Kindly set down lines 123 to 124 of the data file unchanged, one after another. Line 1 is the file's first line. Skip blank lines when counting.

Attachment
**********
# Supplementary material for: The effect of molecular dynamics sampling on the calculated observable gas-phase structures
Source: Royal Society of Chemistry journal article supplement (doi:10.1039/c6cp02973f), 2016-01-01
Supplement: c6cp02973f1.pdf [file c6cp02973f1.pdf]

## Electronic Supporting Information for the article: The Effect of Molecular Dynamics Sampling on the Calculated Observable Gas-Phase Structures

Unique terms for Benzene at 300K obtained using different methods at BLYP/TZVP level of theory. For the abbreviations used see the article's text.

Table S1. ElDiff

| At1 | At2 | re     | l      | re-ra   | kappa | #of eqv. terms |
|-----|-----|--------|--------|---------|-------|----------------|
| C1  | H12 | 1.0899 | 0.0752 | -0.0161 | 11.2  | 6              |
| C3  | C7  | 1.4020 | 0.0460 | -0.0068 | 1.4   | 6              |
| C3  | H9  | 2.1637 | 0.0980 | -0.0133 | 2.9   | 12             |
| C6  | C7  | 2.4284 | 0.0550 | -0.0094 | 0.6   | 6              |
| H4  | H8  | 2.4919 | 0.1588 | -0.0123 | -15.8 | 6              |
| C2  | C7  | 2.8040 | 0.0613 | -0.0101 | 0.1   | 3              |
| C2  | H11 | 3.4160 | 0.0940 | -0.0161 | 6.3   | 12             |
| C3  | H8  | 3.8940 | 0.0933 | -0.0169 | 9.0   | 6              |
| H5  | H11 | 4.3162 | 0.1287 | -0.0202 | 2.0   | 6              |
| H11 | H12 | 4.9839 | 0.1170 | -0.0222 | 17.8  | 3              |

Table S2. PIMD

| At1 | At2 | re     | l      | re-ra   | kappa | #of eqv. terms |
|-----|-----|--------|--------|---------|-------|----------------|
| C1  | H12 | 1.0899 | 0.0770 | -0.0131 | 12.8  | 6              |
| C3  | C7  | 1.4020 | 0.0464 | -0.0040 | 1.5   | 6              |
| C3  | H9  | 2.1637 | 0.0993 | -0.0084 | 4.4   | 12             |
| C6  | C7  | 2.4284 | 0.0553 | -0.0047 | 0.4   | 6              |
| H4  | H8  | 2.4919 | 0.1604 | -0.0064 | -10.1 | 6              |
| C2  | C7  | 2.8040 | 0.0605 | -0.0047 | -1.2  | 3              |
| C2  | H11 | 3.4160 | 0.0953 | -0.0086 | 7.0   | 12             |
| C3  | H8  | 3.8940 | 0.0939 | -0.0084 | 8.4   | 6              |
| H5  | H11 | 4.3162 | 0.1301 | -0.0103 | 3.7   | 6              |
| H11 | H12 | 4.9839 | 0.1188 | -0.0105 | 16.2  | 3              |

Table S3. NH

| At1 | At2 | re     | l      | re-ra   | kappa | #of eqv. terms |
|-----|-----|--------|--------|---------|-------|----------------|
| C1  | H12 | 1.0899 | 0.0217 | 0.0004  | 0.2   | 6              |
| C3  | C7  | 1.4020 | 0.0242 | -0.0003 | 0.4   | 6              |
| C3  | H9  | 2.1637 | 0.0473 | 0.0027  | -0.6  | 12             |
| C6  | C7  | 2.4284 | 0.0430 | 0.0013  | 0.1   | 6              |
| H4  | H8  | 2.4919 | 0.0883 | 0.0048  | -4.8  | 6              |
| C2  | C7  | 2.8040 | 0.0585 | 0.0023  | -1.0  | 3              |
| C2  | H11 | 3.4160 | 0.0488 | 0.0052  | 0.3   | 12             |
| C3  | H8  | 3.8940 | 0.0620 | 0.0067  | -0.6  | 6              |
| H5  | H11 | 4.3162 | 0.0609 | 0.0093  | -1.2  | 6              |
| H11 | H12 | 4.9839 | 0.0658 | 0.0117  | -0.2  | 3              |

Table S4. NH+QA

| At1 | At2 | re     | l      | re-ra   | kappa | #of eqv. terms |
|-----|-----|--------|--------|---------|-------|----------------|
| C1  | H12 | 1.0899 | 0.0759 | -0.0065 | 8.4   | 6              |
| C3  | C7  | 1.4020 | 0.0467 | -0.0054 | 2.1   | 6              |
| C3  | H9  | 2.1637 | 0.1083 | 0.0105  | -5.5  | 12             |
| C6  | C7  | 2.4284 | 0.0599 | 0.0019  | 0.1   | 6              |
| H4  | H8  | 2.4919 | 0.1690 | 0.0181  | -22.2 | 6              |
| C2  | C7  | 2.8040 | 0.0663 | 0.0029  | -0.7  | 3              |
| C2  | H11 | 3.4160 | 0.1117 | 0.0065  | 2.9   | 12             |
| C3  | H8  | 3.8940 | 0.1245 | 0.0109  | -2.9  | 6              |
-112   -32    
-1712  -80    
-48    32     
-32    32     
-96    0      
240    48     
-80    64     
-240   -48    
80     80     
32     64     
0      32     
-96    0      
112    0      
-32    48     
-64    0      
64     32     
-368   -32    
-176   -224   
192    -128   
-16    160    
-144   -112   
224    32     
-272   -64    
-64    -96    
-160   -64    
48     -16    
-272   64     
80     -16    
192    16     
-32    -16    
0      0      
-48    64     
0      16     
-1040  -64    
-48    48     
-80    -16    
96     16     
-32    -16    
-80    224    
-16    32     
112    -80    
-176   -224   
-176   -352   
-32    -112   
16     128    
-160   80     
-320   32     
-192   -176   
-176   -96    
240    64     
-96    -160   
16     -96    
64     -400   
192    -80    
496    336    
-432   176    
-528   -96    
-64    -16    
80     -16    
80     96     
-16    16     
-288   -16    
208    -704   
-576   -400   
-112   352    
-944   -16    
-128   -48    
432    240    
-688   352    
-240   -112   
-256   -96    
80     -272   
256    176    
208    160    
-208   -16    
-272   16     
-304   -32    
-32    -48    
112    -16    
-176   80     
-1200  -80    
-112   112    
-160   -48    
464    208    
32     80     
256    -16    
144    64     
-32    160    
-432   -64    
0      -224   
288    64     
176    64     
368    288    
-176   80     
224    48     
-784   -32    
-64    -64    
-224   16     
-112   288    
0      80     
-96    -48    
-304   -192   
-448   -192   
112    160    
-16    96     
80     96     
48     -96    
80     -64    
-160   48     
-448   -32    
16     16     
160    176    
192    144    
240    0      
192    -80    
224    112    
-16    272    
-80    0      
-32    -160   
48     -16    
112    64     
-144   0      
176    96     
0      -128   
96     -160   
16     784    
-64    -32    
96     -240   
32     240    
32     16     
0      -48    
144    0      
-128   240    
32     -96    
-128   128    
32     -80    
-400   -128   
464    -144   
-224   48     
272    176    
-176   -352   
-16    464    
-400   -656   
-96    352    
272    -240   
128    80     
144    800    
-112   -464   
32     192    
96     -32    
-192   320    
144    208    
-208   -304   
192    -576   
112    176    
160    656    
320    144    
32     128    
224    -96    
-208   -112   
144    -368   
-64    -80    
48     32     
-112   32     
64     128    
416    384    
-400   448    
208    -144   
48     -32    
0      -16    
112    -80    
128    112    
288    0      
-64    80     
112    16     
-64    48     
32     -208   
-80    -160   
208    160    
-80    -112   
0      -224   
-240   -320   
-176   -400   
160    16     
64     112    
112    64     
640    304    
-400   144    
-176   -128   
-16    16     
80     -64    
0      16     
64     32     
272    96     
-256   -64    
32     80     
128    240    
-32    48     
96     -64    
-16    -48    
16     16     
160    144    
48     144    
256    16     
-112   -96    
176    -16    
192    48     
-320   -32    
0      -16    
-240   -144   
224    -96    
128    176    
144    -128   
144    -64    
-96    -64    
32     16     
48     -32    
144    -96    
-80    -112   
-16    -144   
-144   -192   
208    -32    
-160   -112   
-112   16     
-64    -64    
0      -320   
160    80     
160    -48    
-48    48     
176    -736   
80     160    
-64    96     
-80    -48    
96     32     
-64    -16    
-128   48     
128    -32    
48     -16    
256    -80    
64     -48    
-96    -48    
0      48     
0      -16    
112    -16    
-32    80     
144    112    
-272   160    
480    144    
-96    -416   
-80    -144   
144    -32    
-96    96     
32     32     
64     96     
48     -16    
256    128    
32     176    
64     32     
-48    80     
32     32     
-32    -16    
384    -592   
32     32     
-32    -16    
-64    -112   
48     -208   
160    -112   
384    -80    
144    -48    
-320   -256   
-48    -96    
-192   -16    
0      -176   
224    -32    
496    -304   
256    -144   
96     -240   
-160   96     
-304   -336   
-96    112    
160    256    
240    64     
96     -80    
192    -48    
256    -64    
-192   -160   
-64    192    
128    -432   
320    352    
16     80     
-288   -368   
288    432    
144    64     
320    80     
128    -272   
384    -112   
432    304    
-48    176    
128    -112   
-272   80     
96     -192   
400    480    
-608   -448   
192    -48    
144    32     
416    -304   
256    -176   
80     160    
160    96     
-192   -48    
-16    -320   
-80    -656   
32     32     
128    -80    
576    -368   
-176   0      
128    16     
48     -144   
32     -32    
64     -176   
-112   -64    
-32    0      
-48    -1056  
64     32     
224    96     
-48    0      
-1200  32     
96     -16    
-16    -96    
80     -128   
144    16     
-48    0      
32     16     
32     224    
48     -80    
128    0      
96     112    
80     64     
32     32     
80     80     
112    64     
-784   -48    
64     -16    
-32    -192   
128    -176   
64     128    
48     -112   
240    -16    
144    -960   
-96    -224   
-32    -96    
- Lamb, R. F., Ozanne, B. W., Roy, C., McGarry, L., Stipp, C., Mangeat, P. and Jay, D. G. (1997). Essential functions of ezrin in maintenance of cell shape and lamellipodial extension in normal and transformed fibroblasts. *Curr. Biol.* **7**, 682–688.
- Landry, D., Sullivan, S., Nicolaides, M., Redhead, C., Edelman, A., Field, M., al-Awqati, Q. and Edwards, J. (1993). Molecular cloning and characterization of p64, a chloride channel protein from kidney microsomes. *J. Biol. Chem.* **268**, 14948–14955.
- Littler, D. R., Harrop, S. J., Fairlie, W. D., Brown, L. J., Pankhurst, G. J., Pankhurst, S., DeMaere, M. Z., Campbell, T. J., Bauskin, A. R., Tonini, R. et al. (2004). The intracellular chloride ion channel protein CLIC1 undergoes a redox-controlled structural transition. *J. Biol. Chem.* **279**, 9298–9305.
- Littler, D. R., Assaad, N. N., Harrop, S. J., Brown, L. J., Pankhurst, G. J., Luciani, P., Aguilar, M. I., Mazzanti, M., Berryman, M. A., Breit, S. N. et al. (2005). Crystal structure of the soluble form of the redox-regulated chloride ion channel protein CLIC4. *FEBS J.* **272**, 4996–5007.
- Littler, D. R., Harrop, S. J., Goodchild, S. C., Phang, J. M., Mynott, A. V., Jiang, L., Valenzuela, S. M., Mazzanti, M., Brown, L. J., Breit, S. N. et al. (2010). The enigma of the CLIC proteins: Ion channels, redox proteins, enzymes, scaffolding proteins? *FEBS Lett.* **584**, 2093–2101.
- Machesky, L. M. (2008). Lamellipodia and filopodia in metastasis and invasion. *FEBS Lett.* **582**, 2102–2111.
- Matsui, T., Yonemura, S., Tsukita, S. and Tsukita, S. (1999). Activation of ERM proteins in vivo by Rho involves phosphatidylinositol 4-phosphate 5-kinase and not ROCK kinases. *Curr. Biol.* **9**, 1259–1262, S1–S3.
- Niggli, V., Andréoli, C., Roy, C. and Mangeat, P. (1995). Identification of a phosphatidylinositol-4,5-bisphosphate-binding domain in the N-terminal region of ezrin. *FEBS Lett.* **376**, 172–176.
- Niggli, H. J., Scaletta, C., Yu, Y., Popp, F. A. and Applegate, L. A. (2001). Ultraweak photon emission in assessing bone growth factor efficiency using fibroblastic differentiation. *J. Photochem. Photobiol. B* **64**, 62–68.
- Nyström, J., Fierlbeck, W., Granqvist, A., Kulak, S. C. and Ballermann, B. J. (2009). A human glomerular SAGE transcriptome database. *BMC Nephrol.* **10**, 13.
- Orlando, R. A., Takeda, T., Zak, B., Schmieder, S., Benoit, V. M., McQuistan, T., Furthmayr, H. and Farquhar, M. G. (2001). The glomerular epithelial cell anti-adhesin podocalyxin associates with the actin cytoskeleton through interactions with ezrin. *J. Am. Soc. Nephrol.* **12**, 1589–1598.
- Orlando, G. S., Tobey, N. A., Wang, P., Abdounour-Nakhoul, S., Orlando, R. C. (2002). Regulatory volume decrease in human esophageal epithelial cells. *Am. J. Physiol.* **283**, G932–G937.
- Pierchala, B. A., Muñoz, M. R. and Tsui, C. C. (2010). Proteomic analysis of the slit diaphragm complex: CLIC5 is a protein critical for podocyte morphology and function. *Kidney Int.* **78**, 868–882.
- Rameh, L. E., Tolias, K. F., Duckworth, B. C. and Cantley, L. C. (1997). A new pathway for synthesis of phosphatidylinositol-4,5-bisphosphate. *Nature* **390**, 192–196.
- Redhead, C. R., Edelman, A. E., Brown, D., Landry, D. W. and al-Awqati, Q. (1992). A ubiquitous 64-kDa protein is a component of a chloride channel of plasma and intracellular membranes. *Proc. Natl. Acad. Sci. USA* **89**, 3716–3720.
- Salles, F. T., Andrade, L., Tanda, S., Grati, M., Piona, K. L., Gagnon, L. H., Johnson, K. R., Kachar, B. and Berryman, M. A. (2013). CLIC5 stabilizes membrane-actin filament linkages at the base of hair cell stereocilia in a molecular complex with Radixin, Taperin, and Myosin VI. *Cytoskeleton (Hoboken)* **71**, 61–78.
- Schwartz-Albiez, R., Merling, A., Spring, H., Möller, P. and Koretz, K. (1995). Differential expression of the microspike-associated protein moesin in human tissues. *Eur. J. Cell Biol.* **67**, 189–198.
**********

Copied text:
432    240    
-688   352    